When I’m staying at John’s shack and drifting off to sleep after a long but probably engrossing day on the lakes of Tasmania’s Central Plateau, the last thing I usually hear is the hiss of Great Lake; the sound of almost permanent waves rippling on the barren silt and rock shore a few hundred metres away. The hiss is also often the first thing I hear as I stir in a warm bunk at dawn. It’s odd, because the shack is built in a hollow on the eastern side of a high ridge and it is often sheltered from the wind that ruffles the lake. Motionless branches, yet wind-driven waves so close.
However, on those rare occasions when the lake is silent at daybreak, it means calm water and midges, and good-sized browns and rainbows sipping in the dimly-lit slicks. In this case, Jim, just up the road, will have already launched his boat in anticipation, beginning the hunt in semi-darkness. And if I haven’t already heard my brother’s 6 foot 5 inches trying to sneak around the shack and out onto the veranda, I will soon. Mark is an early riser by nature and if he’s ever missed a midge hatch while we’re staying at the shack, I don’t know about it. Unlike Jim, Mark likes to walk to the lake and wade out to the risers. Certainly, some will be beyond even his big cast, but there will be enough that can be covered on foot.
When I hear the first dull footsteps and maybe the sound of the kettle, I’ll think about joining Mark on the lake. But mostly I’ll drift off again, to no doubt be told of the superb action I’ve missed when I’m having breakfast and Mark returns. When he reports on the amazing midge fishing (it’s always extra amazing when you’re not there), I may feel just a twinge of guilt for not going, although it will quickly be replaced by the knowledge that the days are long in summer in Tassie, and there will be many more hours of chances.
But now I’m side-tracked by the fishing and I have to pull back to continue talking about the shack. It’s small, but it’s solid and most importantly, snug. Even in summer, we often get a snowfall or a frost, so a warm, weatherproof retreat is invaluable. While I can easily get immersed in the raw beauty of fishing a highland lake in a blizzard, stepping out of a dripping jacket and waders, and into the shelter of the shack, has its own charm. It is time to have a seat, a hot drink and a snack while the local fallow deer and the wallabies, seemingly immune to the weather, graze outside.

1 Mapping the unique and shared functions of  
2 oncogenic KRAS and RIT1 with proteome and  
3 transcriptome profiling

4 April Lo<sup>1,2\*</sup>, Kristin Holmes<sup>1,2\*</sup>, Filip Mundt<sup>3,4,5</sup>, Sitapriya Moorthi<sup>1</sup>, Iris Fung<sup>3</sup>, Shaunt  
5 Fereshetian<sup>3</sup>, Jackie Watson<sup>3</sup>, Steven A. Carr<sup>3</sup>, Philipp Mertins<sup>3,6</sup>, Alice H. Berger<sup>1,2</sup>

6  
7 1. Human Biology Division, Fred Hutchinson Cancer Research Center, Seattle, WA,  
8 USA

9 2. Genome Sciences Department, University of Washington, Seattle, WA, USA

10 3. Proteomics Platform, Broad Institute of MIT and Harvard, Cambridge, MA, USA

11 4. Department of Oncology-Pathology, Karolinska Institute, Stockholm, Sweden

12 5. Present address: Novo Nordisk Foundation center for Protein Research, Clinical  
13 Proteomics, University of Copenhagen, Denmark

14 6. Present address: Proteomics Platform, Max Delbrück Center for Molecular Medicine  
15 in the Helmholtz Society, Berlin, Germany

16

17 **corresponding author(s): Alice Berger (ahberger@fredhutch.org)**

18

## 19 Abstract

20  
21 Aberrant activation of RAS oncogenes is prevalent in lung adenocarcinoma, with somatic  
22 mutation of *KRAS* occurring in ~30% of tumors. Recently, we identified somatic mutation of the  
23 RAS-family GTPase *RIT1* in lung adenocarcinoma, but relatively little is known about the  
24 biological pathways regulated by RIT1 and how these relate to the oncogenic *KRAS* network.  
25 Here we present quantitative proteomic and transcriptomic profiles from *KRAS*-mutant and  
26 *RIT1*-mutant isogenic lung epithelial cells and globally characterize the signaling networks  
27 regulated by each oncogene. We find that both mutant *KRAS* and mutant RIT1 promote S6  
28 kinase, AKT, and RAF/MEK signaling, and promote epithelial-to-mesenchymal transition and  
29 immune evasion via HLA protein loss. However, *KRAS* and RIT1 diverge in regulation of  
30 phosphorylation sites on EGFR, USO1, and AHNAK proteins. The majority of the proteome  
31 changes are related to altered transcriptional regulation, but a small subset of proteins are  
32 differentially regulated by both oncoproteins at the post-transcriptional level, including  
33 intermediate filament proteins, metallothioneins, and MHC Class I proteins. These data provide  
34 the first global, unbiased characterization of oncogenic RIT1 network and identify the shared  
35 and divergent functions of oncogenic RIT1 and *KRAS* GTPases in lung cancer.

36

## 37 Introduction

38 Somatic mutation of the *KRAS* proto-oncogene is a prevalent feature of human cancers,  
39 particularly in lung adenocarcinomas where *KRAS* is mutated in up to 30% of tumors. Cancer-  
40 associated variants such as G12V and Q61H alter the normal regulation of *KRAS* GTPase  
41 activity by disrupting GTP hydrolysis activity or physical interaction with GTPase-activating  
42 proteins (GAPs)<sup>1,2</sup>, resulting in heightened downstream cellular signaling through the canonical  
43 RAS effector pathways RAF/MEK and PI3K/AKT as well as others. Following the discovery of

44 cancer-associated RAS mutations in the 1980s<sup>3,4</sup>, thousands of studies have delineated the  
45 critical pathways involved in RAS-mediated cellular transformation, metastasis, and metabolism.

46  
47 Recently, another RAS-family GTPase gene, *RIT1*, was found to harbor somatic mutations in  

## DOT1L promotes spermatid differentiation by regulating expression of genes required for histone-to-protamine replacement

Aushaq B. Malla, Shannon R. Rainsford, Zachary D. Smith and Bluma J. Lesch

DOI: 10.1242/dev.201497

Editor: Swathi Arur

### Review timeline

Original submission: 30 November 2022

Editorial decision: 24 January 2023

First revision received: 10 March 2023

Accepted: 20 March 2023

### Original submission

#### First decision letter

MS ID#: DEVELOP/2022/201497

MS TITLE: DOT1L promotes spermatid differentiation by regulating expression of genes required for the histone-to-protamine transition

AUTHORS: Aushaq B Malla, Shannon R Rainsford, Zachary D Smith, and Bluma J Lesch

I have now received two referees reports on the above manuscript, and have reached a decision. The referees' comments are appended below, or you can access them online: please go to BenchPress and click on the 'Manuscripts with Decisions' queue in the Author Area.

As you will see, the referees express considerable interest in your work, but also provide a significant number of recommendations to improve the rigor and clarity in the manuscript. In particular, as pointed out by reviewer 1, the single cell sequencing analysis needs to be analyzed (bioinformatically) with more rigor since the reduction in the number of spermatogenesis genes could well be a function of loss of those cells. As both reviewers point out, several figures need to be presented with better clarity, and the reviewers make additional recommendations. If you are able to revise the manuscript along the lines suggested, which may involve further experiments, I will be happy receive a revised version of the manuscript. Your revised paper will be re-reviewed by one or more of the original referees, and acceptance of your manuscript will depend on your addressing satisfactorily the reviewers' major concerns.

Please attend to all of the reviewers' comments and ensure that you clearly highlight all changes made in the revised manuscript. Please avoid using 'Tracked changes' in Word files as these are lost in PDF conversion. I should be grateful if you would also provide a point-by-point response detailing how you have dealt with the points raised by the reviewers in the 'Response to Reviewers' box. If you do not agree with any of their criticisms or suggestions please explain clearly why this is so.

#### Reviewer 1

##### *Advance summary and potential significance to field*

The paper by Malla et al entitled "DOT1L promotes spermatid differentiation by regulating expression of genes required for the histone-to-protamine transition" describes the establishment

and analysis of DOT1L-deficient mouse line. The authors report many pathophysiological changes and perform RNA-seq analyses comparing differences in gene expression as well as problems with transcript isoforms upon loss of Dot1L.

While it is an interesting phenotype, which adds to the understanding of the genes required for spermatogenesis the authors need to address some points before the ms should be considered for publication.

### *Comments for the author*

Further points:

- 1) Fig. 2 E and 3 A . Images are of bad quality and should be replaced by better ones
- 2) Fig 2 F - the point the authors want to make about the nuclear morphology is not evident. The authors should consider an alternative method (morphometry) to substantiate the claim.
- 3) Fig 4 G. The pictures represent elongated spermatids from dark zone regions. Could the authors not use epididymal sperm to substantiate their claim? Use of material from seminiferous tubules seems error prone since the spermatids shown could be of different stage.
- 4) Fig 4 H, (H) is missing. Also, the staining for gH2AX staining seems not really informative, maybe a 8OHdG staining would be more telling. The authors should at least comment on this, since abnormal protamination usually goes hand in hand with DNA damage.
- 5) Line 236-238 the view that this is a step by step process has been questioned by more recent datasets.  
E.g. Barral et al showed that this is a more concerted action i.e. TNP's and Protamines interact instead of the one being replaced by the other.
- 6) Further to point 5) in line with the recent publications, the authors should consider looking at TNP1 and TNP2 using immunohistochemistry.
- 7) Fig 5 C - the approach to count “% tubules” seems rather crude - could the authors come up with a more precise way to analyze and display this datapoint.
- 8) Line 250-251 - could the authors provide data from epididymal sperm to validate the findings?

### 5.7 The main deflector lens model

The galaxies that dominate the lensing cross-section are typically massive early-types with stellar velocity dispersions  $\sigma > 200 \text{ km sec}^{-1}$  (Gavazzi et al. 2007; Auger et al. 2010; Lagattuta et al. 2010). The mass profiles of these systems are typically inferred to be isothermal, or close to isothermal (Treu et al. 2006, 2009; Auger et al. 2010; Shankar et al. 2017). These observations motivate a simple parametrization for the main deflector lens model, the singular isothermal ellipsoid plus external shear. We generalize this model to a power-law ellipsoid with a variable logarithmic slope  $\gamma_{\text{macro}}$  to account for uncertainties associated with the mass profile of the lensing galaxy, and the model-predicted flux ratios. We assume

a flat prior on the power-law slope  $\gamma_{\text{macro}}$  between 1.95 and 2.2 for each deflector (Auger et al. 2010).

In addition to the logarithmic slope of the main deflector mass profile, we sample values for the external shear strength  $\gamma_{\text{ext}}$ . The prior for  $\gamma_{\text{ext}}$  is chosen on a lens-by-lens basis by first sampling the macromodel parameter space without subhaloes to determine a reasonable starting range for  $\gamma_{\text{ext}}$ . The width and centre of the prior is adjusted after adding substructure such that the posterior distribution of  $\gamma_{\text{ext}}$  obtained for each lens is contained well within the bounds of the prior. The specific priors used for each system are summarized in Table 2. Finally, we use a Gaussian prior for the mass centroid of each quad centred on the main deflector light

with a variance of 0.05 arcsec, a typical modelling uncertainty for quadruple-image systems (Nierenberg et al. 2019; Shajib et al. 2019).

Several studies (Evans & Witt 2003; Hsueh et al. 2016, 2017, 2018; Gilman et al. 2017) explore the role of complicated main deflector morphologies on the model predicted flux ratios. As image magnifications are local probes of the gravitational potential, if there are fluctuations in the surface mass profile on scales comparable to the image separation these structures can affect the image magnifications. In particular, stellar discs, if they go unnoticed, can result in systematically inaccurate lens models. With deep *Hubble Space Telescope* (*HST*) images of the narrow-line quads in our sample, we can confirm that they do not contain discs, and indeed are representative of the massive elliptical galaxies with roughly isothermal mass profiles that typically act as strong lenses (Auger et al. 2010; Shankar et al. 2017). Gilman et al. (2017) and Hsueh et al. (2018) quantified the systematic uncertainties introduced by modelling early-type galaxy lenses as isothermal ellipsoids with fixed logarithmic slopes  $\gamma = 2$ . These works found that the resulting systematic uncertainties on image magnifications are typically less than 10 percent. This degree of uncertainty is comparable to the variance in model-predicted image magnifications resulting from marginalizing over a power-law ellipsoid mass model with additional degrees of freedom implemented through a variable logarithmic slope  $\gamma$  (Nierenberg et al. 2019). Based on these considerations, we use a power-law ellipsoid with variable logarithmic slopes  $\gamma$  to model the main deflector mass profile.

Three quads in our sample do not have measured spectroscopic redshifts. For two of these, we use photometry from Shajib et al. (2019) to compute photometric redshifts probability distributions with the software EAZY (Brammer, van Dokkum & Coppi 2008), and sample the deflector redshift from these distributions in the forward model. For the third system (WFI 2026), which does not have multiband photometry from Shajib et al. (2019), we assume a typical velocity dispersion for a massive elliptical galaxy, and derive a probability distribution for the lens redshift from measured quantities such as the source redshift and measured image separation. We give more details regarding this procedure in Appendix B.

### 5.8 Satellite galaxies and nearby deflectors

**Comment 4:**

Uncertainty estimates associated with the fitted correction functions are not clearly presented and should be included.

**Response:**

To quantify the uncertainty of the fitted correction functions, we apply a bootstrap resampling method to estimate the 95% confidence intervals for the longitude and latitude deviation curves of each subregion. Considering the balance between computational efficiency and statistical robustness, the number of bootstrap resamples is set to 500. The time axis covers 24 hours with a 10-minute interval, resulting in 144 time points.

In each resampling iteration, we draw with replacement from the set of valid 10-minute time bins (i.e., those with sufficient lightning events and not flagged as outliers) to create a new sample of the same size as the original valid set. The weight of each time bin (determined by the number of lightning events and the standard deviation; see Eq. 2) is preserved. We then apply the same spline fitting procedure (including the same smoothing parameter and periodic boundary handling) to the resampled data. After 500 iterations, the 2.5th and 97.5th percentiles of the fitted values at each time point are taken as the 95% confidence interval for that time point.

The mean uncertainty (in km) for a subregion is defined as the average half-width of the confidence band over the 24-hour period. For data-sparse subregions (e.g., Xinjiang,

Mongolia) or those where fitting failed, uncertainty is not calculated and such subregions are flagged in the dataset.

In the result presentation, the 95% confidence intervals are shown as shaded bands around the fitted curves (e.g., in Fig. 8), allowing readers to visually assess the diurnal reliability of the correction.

I go to Tassie to fish, but really bad weather delaying a start, or an early finish after a brilliant day of fishing (two polar ends of the spectrum), might see the shack as a social hub for an hour or so. One of the charms of the shack is its proximity to many friends who have also fallen for the delights of shack life (some lucky ones for weeks or even months on end) and who are only a short walk away through the tussocks and gnarled gums. We visit them or they visit us and there is plenty of dissection of recent sessions on the water, and even more talk about what lies in store. The past is certainty, but the future is possibility!
I’ve never been much of a communal fisher, usually preferring the company of one or two like-minded (read keen) anglers, over what John Gierach describes as ‘a committee’. However, shack life gives me a glimpse of the appeal of this more social way of fishing. With no conscious effort, the shack community is exactly that. Break a rod, ding a reel or spring a wader leak, and your many neighbours will leap to mend or replace the item. It goes without saying that you will always walk in the door to a cuppa or something more convivial; depending on the time of day. But I’ve also learnt not to be surprised by the impromptu offer of a meal.
As I write, the shack is sitting there empty and perhaps just a touch lonely to look at. Yet by tomorrow night, the stove will be lit, the lights will be on, and hopefully the first of many fishing stories will be being told.